U.S. Budget 2013: Obama's $3.8 Trillion Proposal Sparks Struggle Between Republicans And Democrats
WASHINGTON - Republicans and Democrats squared off Tuesday over President Barack Obama's $3.8 trillion budget proposal, which is fast becoming a major issue in the 2012 presidential campaign.
A top Obama lieutenant, Treasury Secretary Timothy Geithner, told Congress that the plan would impose new taxes on just 2 per cent of the nation's wealthiest families. The alternative, he said, would be more-painful cuts in government spending programs such as defence and retirement programs for the elderly.
Republican members of the Senate Finance Committee countered that the budget proposal smacked of big government. Republican Sen. Orrin Hatch told Geithner that the administration's would give the country a "permanently larger, European-inspired government."
Obama's proposal has almost no chance of being approved by Congress, where Republicans control the House of Representatives. Tough decisions on the budget likely will be put off until after the November elections, but the spending plan will certainly be used as a campaign document for Obama and a key target for Republicans.
The race to select a Republican to challenge Obama in November has become very close, with new polls showing that Rick Santorum, coming off a stunning sweep of three caucus states last week, has pulled even with Mitt Romney, the presumed front-runner in the race.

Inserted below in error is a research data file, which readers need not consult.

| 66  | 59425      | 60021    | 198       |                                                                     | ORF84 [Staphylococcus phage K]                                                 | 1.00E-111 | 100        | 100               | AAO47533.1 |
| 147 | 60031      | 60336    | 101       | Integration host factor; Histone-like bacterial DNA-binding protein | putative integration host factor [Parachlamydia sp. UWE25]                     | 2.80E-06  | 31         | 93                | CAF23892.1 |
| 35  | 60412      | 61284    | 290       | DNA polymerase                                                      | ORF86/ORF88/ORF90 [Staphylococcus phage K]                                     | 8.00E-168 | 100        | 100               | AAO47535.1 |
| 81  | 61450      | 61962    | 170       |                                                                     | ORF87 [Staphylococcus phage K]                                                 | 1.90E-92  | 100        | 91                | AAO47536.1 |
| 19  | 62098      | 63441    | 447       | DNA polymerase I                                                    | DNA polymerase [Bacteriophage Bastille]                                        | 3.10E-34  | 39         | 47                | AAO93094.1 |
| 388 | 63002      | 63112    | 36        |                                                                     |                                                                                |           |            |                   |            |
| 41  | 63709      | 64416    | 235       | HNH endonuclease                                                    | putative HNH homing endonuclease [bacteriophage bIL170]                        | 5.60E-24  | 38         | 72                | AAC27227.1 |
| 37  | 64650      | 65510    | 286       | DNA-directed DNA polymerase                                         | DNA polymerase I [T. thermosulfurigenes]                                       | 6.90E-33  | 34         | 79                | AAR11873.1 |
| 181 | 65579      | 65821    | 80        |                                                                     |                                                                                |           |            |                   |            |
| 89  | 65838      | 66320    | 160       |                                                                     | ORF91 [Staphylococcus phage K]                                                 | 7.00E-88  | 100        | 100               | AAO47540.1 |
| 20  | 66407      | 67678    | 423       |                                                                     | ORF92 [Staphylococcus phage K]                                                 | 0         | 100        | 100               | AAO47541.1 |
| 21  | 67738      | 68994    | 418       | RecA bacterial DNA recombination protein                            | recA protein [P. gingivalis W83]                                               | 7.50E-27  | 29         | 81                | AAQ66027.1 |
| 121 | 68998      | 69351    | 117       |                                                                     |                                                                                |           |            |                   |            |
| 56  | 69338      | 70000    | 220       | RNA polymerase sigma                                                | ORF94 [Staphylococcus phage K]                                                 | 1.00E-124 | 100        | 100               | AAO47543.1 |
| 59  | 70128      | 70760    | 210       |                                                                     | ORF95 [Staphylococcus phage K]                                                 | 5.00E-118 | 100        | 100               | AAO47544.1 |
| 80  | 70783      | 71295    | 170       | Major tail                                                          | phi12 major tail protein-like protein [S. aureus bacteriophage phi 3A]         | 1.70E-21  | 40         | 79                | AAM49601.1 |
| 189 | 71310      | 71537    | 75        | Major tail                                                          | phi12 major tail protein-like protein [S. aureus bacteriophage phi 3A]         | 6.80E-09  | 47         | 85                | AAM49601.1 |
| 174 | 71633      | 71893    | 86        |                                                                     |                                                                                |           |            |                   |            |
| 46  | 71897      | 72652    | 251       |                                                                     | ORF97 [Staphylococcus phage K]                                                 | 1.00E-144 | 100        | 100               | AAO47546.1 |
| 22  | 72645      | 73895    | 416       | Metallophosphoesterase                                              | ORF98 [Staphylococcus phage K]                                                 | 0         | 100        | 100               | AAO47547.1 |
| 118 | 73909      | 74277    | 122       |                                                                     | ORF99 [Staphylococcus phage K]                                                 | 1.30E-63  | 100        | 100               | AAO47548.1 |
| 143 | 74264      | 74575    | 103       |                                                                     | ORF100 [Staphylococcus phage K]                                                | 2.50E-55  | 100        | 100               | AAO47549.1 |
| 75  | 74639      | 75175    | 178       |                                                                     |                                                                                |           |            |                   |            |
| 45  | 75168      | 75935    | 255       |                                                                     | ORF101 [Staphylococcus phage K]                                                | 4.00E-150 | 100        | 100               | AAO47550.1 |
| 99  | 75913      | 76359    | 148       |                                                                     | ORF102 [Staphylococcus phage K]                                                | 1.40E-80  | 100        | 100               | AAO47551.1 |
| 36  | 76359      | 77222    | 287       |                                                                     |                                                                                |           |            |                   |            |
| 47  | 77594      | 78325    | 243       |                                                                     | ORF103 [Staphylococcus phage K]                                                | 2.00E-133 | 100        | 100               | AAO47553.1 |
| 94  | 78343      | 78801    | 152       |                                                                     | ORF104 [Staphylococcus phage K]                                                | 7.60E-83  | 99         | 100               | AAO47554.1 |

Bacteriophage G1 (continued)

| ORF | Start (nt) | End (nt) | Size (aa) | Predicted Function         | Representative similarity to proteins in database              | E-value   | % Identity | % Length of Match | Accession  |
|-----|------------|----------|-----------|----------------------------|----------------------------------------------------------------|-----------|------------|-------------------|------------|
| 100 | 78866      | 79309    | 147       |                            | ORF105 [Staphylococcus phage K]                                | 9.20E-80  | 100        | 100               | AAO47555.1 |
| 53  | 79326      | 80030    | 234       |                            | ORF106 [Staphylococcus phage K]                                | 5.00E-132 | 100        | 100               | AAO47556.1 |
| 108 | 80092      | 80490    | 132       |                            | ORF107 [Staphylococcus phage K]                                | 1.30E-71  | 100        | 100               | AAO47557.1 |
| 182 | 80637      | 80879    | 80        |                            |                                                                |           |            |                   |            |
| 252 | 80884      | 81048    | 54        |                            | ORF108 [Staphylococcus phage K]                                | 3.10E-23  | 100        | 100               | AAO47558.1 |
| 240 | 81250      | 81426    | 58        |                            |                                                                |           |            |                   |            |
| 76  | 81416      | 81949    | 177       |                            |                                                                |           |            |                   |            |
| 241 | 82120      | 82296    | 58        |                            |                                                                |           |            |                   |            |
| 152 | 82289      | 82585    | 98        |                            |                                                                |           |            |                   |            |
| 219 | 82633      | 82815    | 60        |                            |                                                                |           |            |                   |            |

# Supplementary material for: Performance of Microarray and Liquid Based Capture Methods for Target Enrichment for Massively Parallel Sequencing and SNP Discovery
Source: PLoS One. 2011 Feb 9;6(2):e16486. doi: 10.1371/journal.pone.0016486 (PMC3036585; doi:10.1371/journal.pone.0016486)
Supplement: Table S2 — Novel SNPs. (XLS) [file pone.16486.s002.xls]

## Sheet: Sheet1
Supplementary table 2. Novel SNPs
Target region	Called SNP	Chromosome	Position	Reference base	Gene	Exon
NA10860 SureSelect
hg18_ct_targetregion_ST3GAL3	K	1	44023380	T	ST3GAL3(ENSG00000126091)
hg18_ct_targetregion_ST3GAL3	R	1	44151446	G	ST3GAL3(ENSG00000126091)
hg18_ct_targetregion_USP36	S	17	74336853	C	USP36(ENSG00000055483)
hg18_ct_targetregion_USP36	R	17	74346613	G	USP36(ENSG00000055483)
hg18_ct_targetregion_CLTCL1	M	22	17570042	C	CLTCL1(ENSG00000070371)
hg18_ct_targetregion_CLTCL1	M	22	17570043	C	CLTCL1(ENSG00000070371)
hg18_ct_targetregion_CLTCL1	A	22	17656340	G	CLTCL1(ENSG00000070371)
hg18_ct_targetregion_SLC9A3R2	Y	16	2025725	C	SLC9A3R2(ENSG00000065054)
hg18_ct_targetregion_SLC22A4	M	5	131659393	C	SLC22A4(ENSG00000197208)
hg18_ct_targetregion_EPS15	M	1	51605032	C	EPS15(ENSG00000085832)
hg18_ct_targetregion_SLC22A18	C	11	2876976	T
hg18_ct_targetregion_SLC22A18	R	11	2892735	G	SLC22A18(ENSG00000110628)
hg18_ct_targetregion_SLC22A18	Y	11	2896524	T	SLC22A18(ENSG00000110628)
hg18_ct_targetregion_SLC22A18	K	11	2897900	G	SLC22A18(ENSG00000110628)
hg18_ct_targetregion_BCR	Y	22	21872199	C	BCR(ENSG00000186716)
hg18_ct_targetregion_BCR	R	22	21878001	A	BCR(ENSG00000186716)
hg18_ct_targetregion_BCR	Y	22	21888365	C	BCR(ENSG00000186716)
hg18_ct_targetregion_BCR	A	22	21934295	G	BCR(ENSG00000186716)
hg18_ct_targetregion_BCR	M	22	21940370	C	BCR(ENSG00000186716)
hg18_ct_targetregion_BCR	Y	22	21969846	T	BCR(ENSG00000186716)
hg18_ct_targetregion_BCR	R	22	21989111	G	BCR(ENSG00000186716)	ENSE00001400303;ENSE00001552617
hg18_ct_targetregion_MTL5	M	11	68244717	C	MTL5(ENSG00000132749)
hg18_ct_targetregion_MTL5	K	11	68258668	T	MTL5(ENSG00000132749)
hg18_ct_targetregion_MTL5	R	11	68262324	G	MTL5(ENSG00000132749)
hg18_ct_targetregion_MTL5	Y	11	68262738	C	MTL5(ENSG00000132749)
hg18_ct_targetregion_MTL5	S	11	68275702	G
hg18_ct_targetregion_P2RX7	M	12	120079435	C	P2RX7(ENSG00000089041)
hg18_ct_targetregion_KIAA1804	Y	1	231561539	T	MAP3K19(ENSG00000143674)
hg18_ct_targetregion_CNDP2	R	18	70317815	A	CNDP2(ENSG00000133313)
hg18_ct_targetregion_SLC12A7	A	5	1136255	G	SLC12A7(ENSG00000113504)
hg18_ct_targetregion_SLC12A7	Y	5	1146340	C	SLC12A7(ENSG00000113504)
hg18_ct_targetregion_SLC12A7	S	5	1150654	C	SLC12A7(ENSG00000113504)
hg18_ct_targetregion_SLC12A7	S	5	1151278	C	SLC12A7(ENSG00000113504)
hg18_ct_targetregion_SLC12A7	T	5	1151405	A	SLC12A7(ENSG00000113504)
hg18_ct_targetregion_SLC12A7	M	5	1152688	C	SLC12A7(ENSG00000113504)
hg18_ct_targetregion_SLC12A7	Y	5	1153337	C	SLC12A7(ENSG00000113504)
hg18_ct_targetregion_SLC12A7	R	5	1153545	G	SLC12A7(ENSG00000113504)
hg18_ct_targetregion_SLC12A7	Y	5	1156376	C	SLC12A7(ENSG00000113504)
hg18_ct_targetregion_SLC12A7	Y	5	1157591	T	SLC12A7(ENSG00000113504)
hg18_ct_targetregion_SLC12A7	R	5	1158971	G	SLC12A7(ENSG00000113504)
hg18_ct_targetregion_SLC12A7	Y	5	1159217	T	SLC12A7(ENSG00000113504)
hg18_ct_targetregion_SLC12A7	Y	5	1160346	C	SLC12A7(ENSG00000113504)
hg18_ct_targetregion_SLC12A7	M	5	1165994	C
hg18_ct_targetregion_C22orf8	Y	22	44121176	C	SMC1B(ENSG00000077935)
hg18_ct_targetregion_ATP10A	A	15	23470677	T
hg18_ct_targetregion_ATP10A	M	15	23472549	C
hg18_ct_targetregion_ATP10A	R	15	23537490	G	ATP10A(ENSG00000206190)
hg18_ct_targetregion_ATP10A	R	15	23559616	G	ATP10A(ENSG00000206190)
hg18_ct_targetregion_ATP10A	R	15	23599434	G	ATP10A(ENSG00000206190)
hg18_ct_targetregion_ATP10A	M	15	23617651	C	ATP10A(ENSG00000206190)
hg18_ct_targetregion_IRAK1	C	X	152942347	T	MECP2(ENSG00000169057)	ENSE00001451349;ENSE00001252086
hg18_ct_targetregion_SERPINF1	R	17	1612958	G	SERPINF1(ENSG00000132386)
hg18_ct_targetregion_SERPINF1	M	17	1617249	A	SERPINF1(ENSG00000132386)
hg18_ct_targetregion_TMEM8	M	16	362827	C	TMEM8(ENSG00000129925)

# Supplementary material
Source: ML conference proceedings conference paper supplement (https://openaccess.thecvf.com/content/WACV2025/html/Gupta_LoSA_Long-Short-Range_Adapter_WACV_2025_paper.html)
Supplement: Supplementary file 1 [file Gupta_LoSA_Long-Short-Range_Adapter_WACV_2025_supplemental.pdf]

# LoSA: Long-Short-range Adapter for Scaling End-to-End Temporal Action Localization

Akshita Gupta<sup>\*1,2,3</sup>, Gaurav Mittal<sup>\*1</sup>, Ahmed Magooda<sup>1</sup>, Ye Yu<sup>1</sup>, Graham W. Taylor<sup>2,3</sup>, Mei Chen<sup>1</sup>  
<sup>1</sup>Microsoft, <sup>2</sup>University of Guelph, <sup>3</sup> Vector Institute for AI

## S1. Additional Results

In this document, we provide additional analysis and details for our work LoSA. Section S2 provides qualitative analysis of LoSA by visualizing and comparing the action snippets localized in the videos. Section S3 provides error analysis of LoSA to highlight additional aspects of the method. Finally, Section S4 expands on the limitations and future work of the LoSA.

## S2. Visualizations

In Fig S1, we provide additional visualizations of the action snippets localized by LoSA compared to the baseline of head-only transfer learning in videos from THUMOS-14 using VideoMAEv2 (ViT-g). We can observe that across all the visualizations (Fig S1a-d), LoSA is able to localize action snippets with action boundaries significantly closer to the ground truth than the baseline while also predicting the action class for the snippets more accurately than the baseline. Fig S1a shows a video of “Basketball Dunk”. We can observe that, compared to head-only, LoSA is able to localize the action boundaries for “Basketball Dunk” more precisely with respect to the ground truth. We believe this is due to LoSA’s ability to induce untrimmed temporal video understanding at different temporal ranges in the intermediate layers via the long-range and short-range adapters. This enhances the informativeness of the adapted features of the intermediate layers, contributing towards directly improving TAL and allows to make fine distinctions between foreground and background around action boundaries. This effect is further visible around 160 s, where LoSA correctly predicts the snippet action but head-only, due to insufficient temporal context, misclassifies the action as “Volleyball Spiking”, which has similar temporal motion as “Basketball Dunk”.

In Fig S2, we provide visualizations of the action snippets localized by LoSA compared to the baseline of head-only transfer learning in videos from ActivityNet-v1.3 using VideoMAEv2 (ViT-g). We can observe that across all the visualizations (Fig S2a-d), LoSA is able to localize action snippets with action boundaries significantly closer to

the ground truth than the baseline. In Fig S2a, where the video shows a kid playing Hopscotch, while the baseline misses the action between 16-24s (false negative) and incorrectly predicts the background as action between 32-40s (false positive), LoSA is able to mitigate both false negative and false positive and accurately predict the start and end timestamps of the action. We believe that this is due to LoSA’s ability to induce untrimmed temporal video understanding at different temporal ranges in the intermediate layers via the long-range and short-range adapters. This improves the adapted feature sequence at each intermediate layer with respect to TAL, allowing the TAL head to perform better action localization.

Romney, the former Massachusetts governor, called the budget Obama released Monday "an insult to the American taxpayer."
Santorum, a former Pennsylvania senator; Newt Gingrich, former speaker of the U.S. House; and Texas Rep. Ron Paul are all advocating bigger spending cuts to control the deficits.
All of the Republican candidates oppose Obama's tax increases.
Republicans are arguing for deeper spending cuts and a frontal assault on the biggest drivers of the deficit, the soaring costs of Medicare and Medicaid, which are health programs for the elderly and the poor.
The Obama budget proposes spending $3.8 trillion in the 2013 budget year, which begins Oct. 1.
Geithner on Tuesday said deeper spending cuts now would damage economic growth and push more Americans into poverty at a time when the economy is still struggling to recover from a deep recession.
Geithner told the Senate committee that the administration hopes to send Congress next week a framework for making changes in the country's corporate tax structure.
He said the administration would not offer detailed legislative language but rather broad principles for corporate tax reform. He said the administration would propose eliminating a number of current business tax breaks in an effort to lower the corporate tax rate.
The nominal U.S. corporate tax rate is 35 per cent, the highest in the world after Japan, but few companies pay that much after taking various deductions.
Obama has proposed lowering that tax rate but has not said by how much it should be lowered. The president has also proposed ending tax breaks for U.S. companies moving jobs or profits to foreign countries while suggesting tax breaks for businesses that move jobs back to the United States.
Geithner did not offer any hints about what recommendations the administration will make on corporate rates in its submission to Congress.
Associated Press Economics Writer Martin Crutsinger contributed to this story.